No, definitely not Monty. The large snakes that I saw in Keoladeo National Park were the non-venomous Indian Rock Python (Python molurus). There was quite a population of them around. I was most surprised by the one up in a tree. Had it gone up there to look for nesting birds? Apparently they’ll eat any animal, but have a slight preference for mammals. Perhaps because you can eat mammals without having to climb trees or fly. They are practically comatose after a meal. We saw one at the side of a road. It looked dead, but after some time it moved slightly. Only then I realized that there was a bulge a little way below its jaws, meaning it had just eaten.
Elsewhere I saw one slowly emerge from a burrow (they are known to take over abandoned burrows of other animals) and crawl away towards a thicket. It moved very slowly, and with only minor undulations. This was a large animal, easily half again as tall as me, so likely to be an adult. They lack eardrums, so we could talk as much as we wanted without disturbing the animal. However, they feel vibrations through the ground, and therefore are sensitive to movements. The fact that this one crawled away from us could mean that it had detected our footsteps or impatient shuffling. They are quite shy, and will try to flee if approached.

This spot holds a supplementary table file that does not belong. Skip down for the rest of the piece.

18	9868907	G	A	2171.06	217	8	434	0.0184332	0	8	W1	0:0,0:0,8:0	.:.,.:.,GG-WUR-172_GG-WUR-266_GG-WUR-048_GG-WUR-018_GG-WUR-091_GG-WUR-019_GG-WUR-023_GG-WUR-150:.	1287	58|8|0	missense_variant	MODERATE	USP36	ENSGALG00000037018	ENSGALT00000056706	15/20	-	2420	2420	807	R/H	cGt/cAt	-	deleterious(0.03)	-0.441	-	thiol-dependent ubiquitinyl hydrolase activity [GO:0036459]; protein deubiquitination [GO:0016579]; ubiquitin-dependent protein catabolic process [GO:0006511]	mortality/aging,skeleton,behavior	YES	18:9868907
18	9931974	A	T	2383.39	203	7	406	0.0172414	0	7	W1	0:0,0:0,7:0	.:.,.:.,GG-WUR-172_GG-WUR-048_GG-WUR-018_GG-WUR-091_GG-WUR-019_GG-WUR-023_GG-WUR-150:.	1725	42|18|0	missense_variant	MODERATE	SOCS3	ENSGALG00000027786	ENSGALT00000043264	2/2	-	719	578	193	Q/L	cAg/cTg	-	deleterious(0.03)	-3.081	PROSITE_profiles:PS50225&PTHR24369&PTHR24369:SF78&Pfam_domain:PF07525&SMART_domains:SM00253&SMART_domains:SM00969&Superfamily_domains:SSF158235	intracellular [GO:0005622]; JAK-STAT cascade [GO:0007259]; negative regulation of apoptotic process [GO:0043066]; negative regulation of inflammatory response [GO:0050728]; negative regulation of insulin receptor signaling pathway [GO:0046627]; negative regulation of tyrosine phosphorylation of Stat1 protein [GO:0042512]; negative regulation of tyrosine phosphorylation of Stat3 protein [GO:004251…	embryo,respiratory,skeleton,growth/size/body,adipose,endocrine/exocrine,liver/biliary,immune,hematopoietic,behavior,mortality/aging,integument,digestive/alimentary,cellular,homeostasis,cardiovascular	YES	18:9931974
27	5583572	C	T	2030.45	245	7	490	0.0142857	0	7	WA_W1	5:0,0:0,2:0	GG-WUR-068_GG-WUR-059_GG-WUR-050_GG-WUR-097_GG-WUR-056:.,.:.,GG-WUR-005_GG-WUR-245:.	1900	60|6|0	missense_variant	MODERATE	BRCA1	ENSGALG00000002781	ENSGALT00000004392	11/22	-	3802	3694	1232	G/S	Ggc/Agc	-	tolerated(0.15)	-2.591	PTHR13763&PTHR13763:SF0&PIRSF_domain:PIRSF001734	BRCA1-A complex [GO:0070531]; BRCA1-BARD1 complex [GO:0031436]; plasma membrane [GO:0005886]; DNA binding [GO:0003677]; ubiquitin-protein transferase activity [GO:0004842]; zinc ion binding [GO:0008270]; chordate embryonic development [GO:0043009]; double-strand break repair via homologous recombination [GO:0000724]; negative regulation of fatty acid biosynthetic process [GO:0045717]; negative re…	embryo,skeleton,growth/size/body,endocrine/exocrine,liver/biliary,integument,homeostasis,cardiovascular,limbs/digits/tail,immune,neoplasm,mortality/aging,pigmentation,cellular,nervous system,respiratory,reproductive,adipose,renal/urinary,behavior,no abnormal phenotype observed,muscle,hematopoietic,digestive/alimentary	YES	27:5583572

Interestingly, someone has studied their social behaviour. it was found that the males have a simple dominance hierarchy with different individuals strictly ranked. Social hierarchies are used by many animals to defend territory or mating rights, often without actually fighting. Some time ago I’d seen two male nilgai establish a hierarchy without any contact. Apparently pythons are less adept at such conflict avoidance, and have to fight to establish dominance. Given how few there are, it is something that I don’t think I’ll ever see.
Pythons branched away from other snakes about a 150 million years ago, but share with many other snakes the ability to sense infrared using something called a pit organ (you can see it in the two photos of python heads above). What sets the rock python apart from its other cold-blooded cousins is that the female can control its body temperature when incubating eggs. A classic study found that it does so by rhythmic contraction of muscles to generate heat. These fascinating creatures are now classed as near threatened by IUCN, which means that it is slowly being squeezed out of existence by our need for space. How many more human generations will see them before they go the way of the dodo?